A restaurant chain frequently launches promotion programmes that feature limited-time menu items. These historically produced solid results but the business generated by them had become lacklustre and cost was exorbitant. The primary reason for deterioration in performance was that the company had neither a database of lessons learned nor any forums for sharing experiences. The team commissioned systems and interchanges for promotions and their impact is now better than ever.
Key question: Do you have systems and communication vehicles that help people learn from innovation success and failure?
Boxes on the organisation chart and the clarity of roles within that structure can either support or hinder innovation.
A telecoms hardware manufacturer bet the company on introducing innovative products and reducing concept-to-launch cycles from 18 months to six by rethinking the product development process. The redesign team found that two of the primary disconnects in this process were the Balkanised structure of marketing and manufacturing, and the unclear definition of the roles played by marketing and sales. The redesigned process had department missions clearly communicated.
Key question: Do your organisation structure and the roles within that structure enable innovation to blossom?
Culture includes everything from tolerance of risk to whether meetings begin on time. A critical component is the reward/punishment system.
A national hotel chain adopted a strategy of making first-class customer service as its competitive advantage and people from vice presidents to cleaners were told that they were responsible for developing service improvements. A cross-functional team developed and installed a process for evaluating suggestions but the system didn't bear fruit until the organisation expunged two aspects of legacy culture: individuals who strayed over the policy line to provide exemplary service were upbraided, and suggestions were rejected if short-term payback could not be demonstrated. Executives sponsored a culture transformation initiative that eliminated these and the chain is now seen as a service leader.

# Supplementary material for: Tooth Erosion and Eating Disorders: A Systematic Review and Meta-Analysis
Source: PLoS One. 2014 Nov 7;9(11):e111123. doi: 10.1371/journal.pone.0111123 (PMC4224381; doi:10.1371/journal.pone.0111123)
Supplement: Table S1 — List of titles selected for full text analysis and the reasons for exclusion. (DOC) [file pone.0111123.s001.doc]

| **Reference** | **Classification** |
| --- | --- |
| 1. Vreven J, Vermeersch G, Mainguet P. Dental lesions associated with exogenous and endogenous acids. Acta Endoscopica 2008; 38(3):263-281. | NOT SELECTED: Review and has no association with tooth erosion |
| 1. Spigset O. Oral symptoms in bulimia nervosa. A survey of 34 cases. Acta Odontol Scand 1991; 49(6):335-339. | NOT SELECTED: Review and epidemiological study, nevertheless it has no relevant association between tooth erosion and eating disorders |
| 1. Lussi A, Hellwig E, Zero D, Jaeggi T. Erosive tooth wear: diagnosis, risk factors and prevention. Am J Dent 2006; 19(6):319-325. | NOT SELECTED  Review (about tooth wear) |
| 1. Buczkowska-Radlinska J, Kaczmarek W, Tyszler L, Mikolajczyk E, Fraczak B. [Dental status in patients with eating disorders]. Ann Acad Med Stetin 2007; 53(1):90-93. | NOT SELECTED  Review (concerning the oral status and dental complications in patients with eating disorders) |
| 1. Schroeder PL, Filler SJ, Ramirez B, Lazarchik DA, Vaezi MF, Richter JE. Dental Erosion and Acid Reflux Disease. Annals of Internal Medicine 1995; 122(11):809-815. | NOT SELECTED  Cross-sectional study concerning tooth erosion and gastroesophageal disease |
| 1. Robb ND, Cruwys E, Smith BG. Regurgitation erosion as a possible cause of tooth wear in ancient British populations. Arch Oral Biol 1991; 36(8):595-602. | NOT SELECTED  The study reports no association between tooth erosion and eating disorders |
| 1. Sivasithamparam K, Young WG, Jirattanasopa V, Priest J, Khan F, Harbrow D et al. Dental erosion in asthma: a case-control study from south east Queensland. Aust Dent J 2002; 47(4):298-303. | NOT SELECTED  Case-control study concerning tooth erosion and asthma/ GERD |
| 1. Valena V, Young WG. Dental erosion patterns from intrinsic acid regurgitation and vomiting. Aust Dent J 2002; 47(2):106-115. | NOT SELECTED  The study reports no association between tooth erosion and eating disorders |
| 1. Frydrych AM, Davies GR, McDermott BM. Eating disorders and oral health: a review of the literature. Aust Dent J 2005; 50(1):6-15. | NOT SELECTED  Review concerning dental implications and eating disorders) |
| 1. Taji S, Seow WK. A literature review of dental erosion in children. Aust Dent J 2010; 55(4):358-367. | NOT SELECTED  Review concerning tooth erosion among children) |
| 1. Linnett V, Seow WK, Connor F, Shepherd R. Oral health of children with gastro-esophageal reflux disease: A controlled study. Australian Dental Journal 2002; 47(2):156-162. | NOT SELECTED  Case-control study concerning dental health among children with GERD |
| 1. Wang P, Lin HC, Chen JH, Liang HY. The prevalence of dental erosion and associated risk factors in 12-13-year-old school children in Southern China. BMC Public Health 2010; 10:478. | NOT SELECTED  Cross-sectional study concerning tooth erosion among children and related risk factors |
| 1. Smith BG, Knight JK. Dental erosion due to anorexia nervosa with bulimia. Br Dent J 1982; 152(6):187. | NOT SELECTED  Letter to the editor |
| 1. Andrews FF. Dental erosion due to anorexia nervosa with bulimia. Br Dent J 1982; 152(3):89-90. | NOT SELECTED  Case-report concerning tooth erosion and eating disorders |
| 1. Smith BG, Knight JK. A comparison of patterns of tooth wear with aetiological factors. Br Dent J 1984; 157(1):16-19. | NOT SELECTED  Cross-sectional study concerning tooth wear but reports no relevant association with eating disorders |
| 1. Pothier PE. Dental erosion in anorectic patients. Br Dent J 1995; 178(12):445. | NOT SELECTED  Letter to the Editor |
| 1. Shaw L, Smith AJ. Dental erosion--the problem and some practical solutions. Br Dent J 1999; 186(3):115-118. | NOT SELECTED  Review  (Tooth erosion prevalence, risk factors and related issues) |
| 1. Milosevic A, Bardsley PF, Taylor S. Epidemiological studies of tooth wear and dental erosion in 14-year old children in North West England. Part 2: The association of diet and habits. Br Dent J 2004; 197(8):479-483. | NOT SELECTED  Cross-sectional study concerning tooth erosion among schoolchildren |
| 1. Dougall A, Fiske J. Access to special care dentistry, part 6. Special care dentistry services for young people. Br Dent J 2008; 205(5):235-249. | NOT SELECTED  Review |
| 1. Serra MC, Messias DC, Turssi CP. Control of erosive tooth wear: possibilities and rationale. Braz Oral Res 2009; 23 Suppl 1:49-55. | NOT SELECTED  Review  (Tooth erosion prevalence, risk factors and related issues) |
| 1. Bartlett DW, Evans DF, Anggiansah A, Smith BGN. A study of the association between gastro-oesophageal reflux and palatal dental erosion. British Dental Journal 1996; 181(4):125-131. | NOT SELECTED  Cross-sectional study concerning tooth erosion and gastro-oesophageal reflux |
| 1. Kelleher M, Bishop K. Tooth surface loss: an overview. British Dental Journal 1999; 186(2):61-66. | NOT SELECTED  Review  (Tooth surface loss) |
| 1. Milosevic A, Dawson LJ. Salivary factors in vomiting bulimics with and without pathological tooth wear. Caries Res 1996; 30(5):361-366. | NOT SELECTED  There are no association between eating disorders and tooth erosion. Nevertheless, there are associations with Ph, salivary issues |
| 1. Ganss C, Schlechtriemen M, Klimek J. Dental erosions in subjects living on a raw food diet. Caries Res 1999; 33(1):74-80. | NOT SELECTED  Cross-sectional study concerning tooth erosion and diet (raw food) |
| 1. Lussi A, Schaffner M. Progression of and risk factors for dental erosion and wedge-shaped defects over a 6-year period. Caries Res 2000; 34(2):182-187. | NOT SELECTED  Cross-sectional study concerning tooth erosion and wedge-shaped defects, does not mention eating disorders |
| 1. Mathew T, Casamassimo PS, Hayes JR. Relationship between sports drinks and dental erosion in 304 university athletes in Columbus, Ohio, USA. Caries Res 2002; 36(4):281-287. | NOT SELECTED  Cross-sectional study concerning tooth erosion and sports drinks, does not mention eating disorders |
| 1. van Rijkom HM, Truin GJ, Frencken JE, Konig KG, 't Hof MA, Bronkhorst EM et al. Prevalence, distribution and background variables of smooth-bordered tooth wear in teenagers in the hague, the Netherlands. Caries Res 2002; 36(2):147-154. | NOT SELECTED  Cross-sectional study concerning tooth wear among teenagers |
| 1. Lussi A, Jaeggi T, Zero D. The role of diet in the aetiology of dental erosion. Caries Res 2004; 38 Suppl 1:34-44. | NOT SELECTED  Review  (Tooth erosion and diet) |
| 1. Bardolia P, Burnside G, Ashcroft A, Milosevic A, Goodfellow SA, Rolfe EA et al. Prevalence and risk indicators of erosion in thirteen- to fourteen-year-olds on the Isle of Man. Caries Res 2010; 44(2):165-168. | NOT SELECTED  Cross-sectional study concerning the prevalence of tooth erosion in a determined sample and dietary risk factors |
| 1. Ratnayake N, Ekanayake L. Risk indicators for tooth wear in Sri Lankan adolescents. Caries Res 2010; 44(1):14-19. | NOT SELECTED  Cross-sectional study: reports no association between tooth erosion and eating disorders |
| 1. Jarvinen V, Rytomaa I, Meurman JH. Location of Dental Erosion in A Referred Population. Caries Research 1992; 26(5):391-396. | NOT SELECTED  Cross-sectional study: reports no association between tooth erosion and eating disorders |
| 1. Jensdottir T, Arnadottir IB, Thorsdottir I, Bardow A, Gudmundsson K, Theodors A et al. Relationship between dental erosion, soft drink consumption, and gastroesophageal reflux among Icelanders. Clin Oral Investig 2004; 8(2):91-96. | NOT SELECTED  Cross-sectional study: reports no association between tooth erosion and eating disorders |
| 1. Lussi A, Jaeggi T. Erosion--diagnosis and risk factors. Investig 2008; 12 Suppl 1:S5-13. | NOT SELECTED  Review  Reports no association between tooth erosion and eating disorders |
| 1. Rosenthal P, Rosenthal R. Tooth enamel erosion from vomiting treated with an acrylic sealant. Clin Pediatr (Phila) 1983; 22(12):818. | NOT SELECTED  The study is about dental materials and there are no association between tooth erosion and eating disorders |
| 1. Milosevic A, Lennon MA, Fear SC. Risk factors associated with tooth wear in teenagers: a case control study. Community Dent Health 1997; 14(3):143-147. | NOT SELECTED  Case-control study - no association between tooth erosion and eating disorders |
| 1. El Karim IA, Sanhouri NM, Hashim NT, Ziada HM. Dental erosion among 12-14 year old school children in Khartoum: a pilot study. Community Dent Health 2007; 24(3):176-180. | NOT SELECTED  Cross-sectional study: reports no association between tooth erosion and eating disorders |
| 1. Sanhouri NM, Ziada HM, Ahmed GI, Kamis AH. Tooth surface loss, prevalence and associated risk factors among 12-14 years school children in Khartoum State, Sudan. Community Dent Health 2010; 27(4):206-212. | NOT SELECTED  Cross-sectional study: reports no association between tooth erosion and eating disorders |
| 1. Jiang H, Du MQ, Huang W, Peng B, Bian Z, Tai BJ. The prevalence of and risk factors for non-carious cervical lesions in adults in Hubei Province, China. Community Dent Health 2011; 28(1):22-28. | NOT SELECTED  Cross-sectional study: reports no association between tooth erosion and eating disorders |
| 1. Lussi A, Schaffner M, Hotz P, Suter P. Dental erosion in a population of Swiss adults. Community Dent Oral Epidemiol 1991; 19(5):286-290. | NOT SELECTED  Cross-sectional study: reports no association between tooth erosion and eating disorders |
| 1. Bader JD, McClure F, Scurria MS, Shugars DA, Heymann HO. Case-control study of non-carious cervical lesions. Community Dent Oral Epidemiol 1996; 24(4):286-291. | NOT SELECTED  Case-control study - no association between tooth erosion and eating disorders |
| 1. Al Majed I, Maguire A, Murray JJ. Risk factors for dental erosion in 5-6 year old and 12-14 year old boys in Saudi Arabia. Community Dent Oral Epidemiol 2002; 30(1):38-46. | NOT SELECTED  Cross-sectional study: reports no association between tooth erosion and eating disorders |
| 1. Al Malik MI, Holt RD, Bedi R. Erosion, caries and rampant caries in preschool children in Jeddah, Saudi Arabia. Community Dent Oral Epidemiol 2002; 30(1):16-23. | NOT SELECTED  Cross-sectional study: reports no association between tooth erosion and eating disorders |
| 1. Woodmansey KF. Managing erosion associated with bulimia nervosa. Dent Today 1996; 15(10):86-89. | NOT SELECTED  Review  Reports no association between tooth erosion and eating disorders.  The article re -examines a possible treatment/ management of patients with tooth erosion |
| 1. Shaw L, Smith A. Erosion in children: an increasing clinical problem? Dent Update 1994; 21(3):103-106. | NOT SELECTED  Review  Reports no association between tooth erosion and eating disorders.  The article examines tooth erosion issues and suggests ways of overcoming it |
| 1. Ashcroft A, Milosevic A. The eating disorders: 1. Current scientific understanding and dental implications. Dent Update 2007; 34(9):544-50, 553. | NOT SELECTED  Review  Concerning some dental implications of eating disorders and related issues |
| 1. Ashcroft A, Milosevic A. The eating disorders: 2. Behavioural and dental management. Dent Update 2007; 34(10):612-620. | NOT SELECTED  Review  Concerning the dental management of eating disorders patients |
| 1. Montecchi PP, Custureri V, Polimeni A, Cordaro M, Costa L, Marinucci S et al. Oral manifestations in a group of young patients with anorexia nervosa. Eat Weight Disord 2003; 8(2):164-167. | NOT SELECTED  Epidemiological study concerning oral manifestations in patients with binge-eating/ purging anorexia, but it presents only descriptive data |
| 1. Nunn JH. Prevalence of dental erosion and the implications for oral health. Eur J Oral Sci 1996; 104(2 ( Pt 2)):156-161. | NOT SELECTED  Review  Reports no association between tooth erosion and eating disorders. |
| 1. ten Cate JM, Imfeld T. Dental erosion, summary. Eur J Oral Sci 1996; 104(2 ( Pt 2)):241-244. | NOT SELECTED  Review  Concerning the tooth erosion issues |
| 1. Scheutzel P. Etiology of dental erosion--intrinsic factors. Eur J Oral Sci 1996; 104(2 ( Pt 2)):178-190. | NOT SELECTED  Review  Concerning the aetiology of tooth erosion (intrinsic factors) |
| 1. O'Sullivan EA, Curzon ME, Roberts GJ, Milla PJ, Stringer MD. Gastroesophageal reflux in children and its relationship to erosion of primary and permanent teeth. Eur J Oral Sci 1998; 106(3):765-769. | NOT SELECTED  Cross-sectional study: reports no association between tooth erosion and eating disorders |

Key question: Does your organisation's culture encourage innovation?
One of the few long-lasting competitive advantages can be an organisation's ability to solve and avoid problems.
The executives of a small grocery chain were clumsy in defining innovation issues, identifying teams to address them, collecting information, and agreeing solutions. They overcame this deficiency through a "common language" for issue resolution and providing problem-solving and decision-making tools to employees.
Key question: Does your company have a universal set of methods for effectively and efficiently addressing innovation issues?
An organisation's leaders establish the strategy that establishes innovation and sponsor business process improvements.
The leaders of a mining company recognised that delegating responsibility for creating a high-innovation business to subordinates or consultants is no more appropriate than delegating strategy formulation to subordinates or consultants. They came to recognise that each of them has to serve as the chief innovation officer in his or her part of the business.
Key question: Do your leaders recognise that they exert the primary influence on your company's innovation environment?
Your path forward
- Test your assessment with others
- Set priority on those questions that you have answered "No" or "Don't know"
- Develop an innovation action plan
- Sponsor the initiatives in the action
Innovation cannot be purchased and installed by the end of the month. However, it is not an unmanageable mystery and it can be measured.
About the author:
Alan Brache is business solutions executive director at Kepner-Tregoe, a strategy consulting firm. He is also the author of How Organizations Work